When I signed up for my first marathon, nearly nine years ago, I did it sort of on a whim, and then almost dropped out several times during the training.  What was I doing running a marathon? I surely wasn’t qualified- I was more of a worker-outer vs. a serious runner. How did I expect to snap into marathon shape in a four-month period? But then, as seen in earlier postings (see “My People”) I not only trained, but I enjoyed the training, and gained confidence and friends at every run.  My new friends (veteran marathoners and Coaches with Team in Training) kept telling me, “You’ll finish the marathon, don’t worry!”  As the long runs got longer, I was stunned that 12, 14, 16 milers were actually doable, and waking up at 6 on a Saturday to run was actually fun.  I was becoming a “runner” and loved it.  While I still had my doubts about 26.2 friggin miles, the wall, and other mysteries a first timer worries about, by marathon day, I decided I might be ready.

On race day, my friends and I gathered at 5:30 a.m., waiting for the 7:00 a.m. start. Note that “down time” before a marathon is never exactly relaxing.  I nervously looked around me, looking for signs that I was the only first timer in the crowd, to prove that indeed I had no business running such a race. Yet, I realized it wasn’t a meeting of the “super fit, super small, and super young.” I wasn’t surrounded by Kenyans.  I saw runners of every shape and size, age and ability.  They were sitting on the cold ground, just like me.  They had all most likely followed a training plan similar to mine, and prepared for this moment to the best of their abilities, just like I had.  What I couldn’t see, but realized at that moment, was that we were all there because we believed we could do it.  We wouldn’t have come at that crazy hour to run that crazy distance, if we thought finishing was an impossible dream. Sure, we were freaking out and had our doubts, but we were there, pumped and ready to go.

I’m not saying that my holly jolly “I believe I could do it” meant it was an easy venture, or even made me less nervous.  That marathon (and every one since) brought many moments where I didn’t believe I’d live to see my next birthday, much less the finish line.  Yet, somehow, I mustered up the one iota of belief that did the trick, and got through.

That’s the thing about belief in general- we need to have it, or we’re in serious trouble when we face challenging life situations. Since few of us are psychic, we need something to hang on to and hope for.  This “something” comes in different forms for all of us, but is backed on the general ideas that we need to think positively, pray, meditate, reflect, focus on what we want, put out good intentions…basically, just have faith that it will all be okay. We’ve all had times in our lives where we’ve needed to call upon this faith, yet, it isn’t until we’re in very scary situations where we really need to believe.  The problem is that while we desperately want to believe at those moments, it isn’t always that easy.  We’re human, after all, and afraid of what could happen.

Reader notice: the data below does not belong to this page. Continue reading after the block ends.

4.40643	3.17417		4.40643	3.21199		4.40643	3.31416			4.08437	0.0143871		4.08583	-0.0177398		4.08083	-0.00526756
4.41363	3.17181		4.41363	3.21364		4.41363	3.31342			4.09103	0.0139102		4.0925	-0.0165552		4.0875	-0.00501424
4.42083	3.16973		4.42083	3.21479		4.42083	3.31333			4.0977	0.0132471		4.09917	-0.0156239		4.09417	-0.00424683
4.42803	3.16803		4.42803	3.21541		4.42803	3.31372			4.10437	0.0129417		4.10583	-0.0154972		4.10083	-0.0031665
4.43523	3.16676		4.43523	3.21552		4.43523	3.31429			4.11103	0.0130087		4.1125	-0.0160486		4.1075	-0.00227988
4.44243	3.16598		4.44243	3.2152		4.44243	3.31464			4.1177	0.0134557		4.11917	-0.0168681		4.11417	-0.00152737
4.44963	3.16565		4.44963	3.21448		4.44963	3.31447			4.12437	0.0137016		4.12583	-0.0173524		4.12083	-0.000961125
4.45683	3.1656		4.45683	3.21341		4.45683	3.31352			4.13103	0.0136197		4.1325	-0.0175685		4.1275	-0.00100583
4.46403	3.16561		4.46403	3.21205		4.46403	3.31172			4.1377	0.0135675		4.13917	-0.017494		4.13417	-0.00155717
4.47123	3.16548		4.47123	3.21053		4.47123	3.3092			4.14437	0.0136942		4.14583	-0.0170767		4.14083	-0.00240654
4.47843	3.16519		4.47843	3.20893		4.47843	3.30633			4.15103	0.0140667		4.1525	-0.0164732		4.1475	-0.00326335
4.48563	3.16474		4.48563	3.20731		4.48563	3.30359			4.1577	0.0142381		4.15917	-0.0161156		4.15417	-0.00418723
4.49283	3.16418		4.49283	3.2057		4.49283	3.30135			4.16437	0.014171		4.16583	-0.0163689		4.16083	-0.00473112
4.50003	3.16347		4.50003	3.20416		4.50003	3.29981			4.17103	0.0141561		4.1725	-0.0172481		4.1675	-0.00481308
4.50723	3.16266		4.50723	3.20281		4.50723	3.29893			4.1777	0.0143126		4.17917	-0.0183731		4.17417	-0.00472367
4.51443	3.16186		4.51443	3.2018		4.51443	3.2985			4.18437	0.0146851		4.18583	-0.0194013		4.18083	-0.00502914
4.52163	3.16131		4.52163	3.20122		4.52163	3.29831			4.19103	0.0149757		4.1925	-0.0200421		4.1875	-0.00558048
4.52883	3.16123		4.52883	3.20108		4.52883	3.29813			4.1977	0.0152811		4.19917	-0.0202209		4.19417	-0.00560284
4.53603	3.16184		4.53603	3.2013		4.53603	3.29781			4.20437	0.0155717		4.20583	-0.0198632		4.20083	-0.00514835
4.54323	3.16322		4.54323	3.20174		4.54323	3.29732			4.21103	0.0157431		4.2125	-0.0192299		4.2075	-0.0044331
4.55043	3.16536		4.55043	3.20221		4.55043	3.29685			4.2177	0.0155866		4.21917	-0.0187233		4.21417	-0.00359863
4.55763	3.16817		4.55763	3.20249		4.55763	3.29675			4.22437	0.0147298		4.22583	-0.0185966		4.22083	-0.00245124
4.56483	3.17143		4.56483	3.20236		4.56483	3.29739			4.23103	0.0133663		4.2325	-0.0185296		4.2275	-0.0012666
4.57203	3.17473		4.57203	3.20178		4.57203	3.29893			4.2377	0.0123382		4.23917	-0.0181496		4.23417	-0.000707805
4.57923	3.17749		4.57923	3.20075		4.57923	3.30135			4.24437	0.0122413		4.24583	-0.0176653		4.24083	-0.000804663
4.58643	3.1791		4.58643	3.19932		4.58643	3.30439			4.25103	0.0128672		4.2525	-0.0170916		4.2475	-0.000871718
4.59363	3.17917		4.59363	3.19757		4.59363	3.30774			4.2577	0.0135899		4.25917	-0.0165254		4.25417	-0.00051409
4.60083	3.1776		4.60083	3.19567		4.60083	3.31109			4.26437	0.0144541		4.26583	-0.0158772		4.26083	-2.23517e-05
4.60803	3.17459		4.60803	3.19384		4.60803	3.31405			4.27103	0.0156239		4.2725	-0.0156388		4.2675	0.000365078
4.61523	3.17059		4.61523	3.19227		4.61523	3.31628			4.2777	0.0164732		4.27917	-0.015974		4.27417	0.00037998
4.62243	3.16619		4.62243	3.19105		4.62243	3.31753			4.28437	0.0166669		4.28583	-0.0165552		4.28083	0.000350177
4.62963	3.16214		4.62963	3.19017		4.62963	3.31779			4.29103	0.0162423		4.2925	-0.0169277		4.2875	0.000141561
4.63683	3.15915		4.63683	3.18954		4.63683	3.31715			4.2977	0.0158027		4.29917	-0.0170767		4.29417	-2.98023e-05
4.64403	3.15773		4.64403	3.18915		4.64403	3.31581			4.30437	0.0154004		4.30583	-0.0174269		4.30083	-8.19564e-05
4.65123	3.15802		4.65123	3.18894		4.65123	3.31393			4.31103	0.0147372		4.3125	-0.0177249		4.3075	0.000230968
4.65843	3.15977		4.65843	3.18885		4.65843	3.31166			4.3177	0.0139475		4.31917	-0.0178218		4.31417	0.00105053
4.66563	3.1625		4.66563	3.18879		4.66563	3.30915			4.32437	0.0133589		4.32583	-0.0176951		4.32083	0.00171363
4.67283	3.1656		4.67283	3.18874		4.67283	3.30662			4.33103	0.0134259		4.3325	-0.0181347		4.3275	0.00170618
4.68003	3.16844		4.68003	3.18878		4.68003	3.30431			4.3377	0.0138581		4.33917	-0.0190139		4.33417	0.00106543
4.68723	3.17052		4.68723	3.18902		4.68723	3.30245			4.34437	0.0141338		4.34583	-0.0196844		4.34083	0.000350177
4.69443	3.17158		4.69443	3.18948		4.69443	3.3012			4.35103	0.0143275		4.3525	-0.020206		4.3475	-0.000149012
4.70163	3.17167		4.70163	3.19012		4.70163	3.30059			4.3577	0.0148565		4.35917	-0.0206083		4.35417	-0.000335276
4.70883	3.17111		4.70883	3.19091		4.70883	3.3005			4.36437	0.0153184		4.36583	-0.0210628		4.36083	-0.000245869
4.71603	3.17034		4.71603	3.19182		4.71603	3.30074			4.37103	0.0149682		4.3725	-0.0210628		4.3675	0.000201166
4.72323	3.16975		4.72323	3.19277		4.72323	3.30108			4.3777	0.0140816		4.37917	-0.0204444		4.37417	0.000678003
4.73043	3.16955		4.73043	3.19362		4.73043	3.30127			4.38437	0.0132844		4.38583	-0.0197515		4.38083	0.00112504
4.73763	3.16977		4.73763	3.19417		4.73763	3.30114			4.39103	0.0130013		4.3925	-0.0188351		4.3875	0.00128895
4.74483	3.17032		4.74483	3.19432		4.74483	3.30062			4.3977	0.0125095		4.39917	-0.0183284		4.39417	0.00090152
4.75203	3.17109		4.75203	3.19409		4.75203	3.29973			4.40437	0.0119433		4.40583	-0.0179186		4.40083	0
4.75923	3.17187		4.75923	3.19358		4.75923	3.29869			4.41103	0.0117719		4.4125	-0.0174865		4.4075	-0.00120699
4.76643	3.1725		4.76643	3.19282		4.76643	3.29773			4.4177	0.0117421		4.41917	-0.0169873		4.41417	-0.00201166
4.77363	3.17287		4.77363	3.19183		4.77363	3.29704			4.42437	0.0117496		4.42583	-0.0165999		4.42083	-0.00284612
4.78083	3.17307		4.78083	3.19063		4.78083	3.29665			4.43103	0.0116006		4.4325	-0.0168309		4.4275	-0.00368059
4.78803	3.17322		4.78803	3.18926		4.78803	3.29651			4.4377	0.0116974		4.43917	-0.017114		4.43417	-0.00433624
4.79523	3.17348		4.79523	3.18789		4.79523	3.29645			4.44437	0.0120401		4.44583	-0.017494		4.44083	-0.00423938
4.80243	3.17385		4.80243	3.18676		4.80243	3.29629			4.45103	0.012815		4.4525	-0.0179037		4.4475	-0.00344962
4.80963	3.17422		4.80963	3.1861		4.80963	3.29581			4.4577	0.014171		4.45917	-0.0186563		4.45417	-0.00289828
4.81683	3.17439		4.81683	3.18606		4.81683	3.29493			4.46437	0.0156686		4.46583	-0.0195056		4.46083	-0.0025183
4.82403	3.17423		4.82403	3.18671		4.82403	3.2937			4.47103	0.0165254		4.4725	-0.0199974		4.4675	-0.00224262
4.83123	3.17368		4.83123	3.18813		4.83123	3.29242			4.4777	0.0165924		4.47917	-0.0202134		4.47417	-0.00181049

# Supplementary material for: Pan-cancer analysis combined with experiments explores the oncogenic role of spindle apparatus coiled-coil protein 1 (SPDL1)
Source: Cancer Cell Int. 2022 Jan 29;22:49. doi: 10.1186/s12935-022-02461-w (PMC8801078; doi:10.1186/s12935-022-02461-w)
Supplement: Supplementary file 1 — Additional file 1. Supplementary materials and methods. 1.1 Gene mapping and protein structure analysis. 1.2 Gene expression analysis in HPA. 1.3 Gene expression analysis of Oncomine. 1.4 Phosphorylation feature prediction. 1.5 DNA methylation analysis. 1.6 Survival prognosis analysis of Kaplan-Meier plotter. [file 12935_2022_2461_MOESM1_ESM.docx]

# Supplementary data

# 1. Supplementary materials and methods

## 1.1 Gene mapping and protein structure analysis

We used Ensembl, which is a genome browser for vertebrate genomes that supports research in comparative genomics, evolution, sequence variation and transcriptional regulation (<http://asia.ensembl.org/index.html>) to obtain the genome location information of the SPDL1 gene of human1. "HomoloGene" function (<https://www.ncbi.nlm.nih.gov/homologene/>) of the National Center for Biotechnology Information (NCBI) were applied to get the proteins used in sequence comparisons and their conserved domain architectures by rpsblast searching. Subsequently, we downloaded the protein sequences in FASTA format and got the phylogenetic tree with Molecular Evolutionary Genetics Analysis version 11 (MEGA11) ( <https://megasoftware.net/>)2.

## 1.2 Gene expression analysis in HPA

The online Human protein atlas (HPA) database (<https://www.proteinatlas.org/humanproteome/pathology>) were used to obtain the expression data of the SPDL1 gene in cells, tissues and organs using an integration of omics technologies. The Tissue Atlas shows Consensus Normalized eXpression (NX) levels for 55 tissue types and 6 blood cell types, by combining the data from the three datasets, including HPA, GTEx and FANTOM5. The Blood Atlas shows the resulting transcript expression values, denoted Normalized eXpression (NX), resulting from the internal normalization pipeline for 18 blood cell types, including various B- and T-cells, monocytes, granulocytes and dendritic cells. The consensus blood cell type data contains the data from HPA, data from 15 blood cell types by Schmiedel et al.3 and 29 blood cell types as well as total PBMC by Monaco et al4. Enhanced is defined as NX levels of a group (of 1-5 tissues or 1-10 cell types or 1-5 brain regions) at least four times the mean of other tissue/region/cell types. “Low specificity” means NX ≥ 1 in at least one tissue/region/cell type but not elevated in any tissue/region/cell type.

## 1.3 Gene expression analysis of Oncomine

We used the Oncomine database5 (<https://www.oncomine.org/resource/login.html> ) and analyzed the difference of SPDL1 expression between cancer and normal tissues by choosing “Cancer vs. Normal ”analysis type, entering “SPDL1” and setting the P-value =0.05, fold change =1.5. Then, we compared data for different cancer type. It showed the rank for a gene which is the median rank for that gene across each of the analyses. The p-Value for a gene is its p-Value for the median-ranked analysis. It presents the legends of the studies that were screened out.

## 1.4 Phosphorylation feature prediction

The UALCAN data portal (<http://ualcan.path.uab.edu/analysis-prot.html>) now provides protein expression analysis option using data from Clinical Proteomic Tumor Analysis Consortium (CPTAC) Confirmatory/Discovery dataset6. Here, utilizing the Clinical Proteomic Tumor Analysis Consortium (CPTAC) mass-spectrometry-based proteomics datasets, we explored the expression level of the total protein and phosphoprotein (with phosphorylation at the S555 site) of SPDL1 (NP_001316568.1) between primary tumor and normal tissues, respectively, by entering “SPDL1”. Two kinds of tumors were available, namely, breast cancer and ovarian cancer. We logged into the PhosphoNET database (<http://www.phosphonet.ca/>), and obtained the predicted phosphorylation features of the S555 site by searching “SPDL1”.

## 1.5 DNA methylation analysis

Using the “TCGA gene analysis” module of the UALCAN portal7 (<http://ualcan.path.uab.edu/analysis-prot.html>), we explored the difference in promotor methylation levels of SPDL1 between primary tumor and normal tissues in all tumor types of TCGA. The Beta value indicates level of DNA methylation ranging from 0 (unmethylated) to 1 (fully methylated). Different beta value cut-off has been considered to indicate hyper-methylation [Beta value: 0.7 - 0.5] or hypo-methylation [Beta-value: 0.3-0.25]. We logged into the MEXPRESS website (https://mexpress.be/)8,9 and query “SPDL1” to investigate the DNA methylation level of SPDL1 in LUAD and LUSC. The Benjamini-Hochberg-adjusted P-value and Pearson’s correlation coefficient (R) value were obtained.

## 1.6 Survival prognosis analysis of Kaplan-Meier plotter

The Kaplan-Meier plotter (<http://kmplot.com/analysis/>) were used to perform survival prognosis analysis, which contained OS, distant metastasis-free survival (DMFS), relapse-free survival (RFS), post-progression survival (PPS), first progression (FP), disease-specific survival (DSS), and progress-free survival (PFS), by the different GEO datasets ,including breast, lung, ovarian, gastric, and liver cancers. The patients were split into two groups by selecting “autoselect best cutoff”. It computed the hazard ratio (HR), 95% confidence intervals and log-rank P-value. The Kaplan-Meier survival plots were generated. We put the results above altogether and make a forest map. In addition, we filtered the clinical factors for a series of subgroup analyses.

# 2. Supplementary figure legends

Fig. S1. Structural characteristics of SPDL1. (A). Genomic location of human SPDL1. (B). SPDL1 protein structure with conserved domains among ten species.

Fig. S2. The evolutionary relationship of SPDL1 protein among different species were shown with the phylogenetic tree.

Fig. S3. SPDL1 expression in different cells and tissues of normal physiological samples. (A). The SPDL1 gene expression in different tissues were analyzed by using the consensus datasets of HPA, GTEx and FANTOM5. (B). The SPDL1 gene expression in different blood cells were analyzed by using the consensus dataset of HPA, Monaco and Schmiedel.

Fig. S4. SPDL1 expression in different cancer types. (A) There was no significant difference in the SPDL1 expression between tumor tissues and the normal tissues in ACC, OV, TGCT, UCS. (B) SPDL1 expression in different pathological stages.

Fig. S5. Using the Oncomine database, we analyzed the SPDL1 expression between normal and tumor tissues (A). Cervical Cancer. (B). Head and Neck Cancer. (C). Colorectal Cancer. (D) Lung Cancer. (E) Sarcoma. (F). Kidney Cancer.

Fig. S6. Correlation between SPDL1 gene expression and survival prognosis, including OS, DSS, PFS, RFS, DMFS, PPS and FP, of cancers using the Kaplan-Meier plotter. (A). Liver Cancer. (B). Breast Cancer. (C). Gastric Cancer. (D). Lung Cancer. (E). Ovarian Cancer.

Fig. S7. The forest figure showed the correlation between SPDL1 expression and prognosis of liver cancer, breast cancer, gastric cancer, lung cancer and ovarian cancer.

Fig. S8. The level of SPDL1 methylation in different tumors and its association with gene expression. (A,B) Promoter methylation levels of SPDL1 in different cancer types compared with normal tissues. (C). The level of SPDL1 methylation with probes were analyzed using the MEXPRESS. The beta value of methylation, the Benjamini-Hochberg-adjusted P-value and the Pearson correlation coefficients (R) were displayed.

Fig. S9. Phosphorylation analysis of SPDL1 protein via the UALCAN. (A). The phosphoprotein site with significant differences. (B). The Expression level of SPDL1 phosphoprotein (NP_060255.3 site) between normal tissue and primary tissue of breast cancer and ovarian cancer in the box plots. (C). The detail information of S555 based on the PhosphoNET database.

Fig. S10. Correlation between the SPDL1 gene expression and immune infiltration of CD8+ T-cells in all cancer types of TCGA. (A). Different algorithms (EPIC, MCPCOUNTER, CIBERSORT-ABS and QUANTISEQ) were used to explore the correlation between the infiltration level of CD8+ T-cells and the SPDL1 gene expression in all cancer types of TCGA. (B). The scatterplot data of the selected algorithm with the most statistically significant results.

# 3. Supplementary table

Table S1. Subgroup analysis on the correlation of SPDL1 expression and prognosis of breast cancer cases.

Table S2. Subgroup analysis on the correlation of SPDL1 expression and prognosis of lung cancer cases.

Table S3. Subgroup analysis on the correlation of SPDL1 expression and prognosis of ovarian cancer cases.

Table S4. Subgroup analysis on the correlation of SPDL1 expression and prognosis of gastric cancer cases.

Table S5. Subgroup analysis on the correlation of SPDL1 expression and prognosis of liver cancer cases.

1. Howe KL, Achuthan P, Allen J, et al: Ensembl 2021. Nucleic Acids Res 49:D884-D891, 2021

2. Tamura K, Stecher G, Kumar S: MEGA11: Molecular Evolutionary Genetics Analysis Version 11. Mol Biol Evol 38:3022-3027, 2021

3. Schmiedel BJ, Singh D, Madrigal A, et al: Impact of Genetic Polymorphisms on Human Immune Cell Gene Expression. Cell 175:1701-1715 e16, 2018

Here’s the other kicker. The situations that call for a whole lot of belief also tend to wear us out, and make it really hard to be positive about anything.  (Again, kind of like a marathon.) YET, just like the most difficult times of the marathon when we absolutely think we can’t run a step further, we have to believe we can… because that’s quite simply the only way we can continue. And in life, the point at which we are beat down and do not know if we can believe in anything… is that most crucial moment when we NEED to believe the most.

So, as we run into the Christmas Season, and the New Year with all of its hope and promise, remember that believing is the name of the game.  And, if anyone sees someone named Virginia out there on the trails, pass this link on to her.

And if you find yourself stuck in the middle of a marathon, or just in the middle of life, I’ll end with a quote from my dad….”You gotta keep the faith, baby.”

Copyright 2010

By Abbey Algiers

Leave a Reply

Fill in your details below or click an icon to log in: Logo

You are commenting using your account. Log Out /  Change )

Google photo

You are commenting using your Google account. Log Out /  Change )

Twitter picture

You are commenting using your Twitter account. Log Out /  Change )

Facebook photo

You are commenting using your Facebook account. Log Out /  Change )

Connecting to %s